Good Afternoon
Good Afternoon
SportsColumnistsBob Glauber

Giants' Daniel Jones won't allow praise to get to his level head

Giants quarterback Daniel Jones looks to snap the

Giants quarterback Daniel Jones looks to snap the ball against the Buccaneers in the second quarter during the game on Sunday in Tampa, Fla. Credit: Getty Images/Mike Ehrmann

Daniel Jones staged one of the greatest comebacks by a rookie quarterback in NFL history, was selected as the NFC’s Offensive Player of the Week and was universally admired for his spectacular performance in the Giants’ 32-31 win over the Buccaneers on Sunday.

Maybe the only person who seemed less than impressed with his performance?

Jones himself.

While the rest of the football world was transfixed by Jones’ 336 passing yards, his two passing touchdowns and two rushing touchdowns, including the game-winning score, the Giants’ newly minted starting quarterback was more troubled by his flaws.

“The main thing is ball security,” he said Wednesday as the Giants began preparations for Sunday’s game against the Redskins at MetLife Stadium. “Can’t afford to fumble the ball twice like that. Certain points in the game, I think that’s the first thing. There are certain other things that are specific to plays that I’ll look to correct and learn from. I’m excited to do that.”

Straight out of the Eli Manning I-can-always-do-better playbook.

Jones was welcomed to the NFL last April with a hail of boos at the NFL Draft in Nashville and was panned by plenty of football experts as not being worthy of the sixth overall pick. But after winning his first start in remarkable fashion, he has become an overnight sensation. The highlight shows can’t get enough of his individual heroics, which included the 7-yard run up the middle for the winning score late in the fourth quarter, another rushing touchdown in the second quarter, and third-quarter touchdown throws of 75 yards to Evan Engram and 7 yards to Sterling Shepard.

His No. 8 Giants jersey has quickly become a bestseller. And the praise is off the charts.

While Jones said he’s aware of the buzz surrounding his performance, he insists he hasn’t changed. Nor will he.

Does he feel like a celebrity?

“Not really,” he said. “It’s the same thing. I go home, and I come into work every day. I don’t feel like it’s changed a whole lot. I’m not sure I’m focused on that [attention] too much. I certainly appreciate the support and appreciate the fans. Trying to stack a few wins together.”

Jones is about the most level-headed, consistent personality that you could want, and it’s not a stretch to suggest his temperament has been cloned from Manning, who for 16 years has behaved with a rare equanimity. It helped Manning deal with the ups and downs of life as a star athlete in New York, and it is already showing with Jones.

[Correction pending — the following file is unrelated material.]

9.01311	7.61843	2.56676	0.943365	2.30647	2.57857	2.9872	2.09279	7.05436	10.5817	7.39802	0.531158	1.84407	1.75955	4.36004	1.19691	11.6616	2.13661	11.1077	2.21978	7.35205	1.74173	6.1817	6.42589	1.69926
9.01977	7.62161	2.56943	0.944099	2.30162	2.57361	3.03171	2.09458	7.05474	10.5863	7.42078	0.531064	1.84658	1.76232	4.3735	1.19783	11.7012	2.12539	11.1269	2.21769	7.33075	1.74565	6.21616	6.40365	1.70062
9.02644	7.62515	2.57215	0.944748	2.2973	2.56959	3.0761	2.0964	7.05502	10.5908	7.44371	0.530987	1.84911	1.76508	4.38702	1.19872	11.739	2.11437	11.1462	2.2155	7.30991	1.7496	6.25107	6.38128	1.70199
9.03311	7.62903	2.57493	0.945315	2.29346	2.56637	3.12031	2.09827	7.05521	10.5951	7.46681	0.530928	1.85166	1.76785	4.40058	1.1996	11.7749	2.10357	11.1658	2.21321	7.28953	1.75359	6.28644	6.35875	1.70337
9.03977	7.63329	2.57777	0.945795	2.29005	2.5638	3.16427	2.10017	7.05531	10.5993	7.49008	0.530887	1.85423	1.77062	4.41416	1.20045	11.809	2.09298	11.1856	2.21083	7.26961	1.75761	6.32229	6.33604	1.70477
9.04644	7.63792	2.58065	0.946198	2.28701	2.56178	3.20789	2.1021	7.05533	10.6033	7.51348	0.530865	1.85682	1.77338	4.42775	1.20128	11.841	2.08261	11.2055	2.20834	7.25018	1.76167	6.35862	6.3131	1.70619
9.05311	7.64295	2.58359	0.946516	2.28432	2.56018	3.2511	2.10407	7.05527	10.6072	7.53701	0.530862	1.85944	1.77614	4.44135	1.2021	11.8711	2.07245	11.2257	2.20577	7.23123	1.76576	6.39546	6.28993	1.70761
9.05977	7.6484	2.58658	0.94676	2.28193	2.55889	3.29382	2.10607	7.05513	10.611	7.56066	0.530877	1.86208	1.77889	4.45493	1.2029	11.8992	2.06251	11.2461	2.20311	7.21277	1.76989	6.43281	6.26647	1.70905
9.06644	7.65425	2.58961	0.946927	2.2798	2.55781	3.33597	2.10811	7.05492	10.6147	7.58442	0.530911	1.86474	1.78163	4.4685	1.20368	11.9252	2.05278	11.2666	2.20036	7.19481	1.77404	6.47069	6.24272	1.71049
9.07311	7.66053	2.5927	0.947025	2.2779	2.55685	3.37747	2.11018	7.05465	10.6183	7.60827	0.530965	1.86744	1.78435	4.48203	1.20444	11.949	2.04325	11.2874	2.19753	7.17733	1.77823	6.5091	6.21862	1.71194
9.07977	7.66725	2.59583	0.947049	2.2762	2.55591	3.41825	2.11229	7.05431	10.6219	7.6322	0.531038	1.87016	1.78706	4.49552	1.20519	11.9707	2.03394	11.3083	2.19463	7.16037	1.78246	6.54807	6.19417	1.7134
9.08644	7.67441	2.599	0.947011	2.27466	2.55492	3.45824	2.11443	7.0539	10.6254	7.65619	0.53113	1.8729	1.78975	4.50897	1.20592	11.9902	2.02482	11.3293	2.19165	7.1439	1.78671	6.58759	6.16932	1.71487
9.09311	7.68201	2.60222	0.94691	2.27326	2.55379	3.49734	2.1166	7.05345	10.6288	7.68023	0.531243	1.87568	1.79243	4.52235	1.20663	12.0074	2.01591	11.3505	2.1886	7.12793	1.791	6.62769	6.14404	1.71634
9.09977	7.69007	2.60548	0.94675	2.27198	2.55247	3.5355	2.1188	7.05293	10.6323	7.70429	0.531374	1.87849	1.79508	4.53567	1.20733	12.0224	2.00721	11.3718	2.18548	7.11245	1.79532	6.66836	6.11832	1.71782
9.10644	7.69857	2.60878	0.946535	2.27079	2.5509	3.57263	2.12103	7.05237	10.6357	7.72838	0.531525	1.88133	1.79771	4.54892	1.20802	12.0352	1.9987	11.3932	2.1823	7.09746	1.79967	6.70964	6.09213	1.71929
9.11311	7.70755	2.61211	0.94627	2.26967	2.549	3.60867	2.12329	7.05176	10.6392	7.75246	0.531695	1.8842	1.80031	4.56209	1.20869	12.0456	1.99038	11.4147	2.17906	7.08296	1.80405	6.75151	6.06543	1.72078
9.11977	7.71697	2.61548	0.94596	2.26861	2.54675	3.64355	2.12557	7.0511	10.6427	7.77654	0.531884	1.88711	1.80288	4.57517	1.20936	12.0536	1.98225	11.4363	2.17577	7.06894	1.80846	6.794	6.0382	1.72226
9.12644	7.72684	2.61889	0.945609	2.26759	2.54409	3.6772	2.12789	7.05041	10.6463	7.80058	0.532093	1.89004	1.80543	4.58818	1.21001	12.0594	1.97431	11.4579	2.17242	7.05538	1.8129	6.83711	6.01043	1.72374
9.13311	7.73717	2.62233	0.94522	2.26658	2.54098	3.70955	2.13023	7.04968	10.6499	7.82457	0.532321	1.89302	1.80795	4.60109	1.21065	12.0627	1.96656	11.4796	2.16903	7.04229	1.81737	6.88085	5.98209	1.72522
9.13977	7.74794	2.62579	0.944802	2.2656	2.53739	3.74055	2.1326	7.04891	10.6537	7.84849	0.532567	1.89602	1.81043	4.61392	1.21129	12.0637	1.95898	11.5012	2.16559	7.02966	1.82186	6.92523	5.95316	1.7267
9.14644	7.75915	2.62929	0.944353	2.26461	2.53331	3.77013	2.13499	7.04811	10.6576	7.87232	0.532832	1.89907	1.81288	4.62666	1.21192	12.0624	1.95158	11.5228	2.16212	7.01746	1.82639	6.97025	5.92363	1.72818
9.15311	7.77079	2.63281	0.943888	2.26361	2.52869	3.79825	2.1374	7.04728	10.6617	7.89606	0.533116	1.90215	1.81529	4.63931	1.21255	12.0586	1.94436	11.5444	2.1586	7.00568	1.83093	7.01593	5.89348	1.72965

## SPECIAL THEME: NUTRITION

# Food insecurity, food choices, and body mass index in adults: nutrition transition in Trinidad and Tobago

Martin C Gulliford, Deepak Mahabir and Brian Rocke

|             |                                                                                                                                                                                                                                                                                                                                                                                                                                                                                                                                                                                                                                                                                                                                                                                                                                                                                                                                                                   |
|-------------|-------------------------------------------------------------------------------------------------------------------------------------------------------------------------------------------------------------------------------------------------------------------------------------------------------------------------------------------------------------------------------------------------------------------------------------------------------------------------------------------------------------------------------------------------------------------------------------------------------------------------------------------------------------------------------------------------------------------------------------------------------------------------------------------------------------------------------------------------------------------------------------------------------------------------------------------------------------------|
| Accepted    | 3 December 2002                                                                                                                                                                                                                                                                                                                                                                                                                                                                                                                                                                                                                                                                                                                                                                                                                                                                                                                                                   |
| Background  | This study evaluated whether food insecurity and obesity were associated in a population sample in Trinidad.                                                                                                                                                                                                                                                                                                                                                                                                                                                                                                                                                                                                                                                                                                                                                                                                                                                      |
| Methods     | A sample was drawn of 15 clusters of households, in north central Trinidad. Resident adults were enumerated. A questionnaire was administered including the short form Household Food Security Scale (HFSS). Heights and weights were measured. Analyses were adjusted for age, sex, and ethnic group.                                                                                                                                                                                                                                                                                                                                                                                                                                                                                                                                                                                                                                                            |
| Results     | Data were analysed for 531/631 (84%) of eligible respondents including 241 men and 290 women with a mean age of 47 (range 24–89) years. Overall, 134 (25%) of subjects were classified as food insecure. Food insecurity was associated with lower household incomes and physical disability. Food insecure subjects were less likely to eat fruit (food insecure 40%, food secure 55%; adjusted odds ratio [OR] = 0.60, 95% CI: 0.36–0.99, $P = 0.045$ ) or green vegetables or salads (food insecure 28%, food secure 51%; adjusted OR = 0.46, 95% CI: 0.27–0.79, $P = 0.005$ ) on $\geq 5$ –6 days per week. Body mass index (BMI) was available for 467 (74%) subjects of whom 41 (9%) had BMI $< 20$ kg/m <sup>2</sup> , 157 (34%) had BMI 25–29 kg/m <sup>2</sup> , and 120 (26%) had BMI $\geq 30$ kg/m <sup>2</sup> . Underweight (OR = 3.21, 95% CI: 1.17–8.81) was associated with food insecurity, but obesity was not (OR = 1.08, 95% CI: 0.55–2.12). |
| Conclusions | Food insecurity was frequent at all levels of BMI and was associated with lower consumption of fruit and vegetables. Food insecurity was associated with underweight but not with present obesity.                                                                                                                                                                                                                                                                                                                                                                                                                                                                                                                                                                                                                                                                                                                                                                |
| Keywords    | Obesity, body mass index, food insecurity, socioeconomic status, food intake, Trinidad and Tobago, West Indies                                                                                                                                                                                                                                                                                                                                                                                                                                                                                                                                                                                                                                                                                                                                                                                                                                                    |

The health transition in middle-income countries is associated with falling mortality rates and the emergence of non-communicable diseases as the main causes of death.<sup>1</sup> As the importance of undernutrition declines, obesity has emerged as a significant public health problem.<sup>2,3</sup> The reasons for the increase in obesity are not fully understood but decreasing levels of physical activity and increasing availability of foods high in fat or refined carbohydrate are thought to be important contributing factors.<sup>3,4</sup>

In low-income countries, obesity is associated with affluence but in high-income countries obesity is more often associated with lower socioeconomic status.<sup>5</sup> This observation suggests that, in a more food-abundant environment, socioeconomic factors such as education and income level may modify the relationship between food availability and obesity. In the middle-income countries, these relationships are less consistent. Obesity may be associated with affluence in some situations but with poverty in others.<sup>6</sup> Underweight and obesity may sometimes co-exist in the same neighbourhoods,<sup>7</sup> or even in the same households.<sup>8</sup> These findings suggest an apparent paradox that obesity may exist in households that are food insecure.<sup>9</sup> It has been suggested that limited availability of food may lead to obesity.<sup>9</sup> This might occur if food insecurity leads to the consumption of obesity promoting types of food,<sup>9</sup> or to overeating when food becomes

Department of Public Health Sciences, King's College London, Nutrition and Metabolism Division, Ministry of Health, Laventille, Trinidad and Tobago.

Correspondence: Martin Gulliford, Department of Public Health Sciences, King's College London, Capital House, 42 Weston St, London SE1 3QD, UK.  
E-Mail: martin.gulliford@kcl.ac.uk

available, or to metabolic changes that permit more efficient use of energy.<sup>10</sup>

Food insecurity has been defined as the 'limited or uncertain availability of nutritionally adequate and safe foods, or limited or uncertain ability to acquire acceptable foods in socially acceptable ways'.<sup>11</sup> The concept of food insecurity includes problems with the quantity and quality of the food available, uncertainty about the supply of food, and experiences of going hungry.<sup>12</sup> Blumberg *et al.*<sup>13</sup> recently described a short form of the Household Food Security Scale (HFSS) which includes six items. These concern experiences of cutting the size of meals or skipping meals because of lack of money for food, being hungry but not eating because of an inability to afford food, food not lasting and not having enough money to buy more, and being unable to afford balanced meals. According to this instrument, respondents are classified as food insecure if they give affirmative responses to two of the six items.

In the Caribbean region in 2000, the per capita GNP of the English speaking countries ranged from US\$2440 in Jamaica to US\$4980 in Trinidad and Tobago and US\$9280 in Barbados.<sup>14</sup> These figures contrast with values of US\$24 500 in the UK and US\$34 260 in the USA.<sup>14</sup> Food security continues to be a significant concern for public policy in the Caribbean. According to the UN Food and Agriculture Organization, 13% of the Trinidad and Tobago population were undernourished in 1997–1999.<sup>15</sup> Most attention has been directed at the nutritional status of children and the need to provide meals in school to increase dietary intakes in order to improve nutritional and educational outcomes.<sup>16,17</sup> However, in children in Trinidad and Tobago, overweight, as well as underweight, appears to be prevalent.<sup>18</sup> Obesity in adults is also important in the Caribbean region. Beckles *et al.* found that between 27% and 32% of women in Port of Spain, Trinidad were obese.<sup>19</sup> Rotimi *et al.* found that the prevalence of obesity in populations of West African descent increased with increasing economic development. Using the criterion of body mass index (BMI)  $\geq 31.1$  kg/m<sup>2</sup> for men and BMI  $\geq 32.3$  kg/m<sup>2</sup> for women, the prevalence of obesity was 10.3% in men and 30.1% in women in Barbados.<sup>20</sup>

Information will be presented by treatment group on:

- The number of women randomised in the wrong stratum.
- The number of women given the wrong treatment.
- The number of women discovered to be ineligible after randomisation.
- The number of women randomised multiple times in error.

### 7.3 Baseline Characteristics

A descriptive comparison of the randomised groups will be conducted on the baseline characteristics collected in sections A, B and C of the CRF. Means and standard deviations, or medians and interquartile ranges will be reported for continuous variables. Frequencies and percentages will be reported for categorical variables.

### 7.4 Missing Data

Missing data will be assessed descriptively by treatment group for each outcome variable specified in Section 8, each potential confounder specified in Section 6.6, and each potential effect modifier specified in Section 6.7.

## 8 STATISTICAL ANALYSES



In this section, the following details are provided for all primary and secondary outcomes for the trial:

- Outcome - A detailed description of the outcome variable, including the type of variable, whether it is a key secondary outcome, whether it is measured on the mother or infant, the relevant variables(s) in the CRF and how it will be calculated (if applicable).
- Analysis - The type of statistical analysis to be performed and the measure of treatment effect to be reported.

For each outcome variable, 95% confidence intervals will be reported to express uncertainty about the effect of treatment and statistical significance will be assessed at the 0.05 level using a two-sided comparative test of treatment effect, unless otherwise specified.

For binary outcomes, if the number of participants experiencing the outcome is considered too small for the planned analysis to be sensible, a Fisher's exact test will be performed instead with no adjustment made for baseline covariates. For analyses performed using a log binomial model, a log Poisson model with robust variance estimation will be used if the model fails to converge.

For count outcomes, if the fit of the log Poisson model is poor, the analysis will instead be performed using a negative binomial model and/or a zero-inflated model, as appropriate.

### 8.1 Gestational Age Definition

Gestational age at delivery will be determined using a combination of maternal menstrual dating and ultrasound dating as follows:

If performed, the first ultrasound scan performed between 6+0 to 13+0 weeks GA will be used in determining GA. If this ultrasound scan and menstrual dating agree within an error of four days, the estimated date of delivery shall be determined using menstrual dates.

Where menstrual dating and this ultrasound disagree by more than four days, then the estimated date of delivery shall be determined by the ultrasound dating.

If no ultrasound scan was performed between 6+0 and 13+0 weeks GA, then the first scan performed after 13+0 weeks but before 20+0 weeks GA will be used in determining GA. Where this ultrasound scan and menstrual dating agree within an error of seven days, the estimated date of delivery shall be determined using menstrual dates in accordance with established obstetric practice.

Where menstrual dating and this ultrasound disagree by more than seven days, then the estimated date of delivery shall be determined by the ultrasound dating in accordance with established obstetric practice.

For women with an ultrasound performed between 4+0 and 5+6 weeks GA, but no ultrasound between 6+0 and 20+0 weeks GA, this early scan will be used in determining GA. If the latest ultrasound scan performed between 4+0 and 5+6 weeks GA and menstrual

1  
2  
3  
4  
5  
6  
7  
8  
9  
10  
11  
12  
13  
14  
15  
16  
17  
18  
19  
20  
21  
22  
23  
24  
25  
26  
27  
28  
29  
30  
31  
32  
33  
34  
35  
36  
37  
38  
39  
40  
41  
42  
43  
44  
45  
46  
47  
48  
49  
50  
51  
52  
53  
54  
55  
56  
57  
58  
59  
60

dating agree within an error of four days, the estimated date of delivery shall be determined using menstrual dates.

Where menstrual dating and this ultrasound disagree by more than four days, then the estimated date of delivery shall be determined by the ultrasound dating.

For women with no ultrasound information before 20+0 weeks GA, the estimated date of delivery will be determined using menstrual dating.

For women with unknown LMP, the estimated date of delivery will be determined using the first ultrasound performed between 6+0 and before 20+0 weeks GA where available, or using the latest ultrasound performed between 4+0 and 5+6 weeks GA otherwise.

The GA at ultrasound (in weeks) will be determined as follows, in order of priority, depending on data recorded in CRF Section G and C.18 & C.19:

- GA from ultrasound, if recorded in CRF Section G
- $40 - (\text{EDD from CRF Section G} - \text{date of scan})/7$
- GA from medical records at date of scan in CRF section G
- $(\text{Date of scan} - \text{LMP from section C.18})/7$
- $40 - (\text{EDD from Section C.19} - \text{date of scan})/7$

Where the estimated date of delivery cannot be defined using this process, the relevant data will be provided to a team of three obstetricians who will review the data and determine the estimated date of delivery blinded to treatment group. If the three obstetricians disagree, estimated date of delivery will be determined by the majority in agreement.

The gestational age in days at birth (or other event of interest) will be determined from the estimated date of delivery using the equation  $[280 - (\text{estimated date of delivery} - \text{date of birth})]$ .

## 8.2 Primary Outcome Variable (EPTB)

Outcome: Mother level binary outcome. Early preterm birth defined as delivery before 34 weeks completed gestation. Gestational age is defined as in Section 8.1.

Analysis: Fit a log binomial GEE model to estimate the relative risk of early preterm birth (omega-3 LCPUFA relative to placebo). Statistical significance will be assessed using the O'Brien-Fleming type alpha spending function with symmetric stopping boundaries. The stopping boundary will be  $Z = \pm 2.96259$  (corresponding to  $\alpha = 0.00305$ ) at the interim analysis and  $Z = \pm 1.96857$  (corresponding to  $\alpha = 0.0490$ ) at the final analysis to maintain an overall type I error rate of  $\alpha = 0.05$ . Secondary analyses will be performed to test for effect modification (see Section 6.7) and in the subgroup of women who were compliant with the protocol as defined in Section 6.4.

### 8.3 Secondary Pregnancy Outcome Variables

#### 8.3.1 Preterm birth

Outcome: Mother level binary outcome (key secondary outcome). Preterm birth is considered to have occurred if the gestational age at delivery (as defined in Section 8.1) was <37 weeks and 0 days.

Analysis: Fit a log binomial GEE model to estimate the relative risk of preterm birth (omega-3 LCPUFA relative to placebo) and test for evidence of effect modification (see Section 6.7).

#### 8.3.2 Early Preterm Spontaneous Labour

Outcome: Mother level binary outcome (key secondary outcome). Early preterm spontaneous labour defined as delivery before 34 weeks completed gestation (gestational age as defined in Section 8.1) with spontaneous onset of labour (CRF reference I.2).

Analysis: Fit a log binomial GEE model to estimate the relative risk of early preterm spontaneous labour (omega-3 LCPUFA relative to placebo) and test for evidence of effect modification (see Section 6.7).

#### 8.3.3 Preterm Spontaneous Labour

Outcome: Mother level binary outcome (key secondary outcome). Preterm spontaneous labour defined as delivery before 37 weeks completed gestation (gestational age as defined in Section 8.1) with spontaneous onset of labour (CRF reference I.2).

Harping on the mistakes he believed he made Sunday rather than basking in the glow of all he did right was another example of why humility will serve him well

“There’s a number of things that we need to work on, and that I need to clean up,” Jones said. “Certainly, I will focus on that, but it’s always easier to do that when you win.”

Jones undoubtedly will be greeted warmly by the MetLife faithful for Sunday’s home debut, and Giants fans are surely filled with hope after what they saw in Tampa. While there are still challenges ahead with the defense, which surrendered four first-half touchdowns, the combination of Jones’ performance and a massive defensive improvement in the second half offered encouraging signs.

“I’m excited to run out there in front of the Giants fans and play the first game here,” Jones said. “We had some good support down there in Tampa Bay. Certainly, very appreciative of that.”

But Jones is more concerned by what’s happening inside his own huddle.

“We certainly have a lot of things to correct,” he said. “That’s where our focus is as a team. Each week, the goal is to be a better team, to play better, and hopefully that’s what fans see is a team that expected to play better — all of us, collectively and individually.”

After an auspicious debut that drew high praise from just about everywhere, Jones appears to be the one most reluctant to accept the plaudits.

In his mind, good was simply not good enough.

Which is the right way to live in a business and a city where fortunes can change so quickly.

New York Sports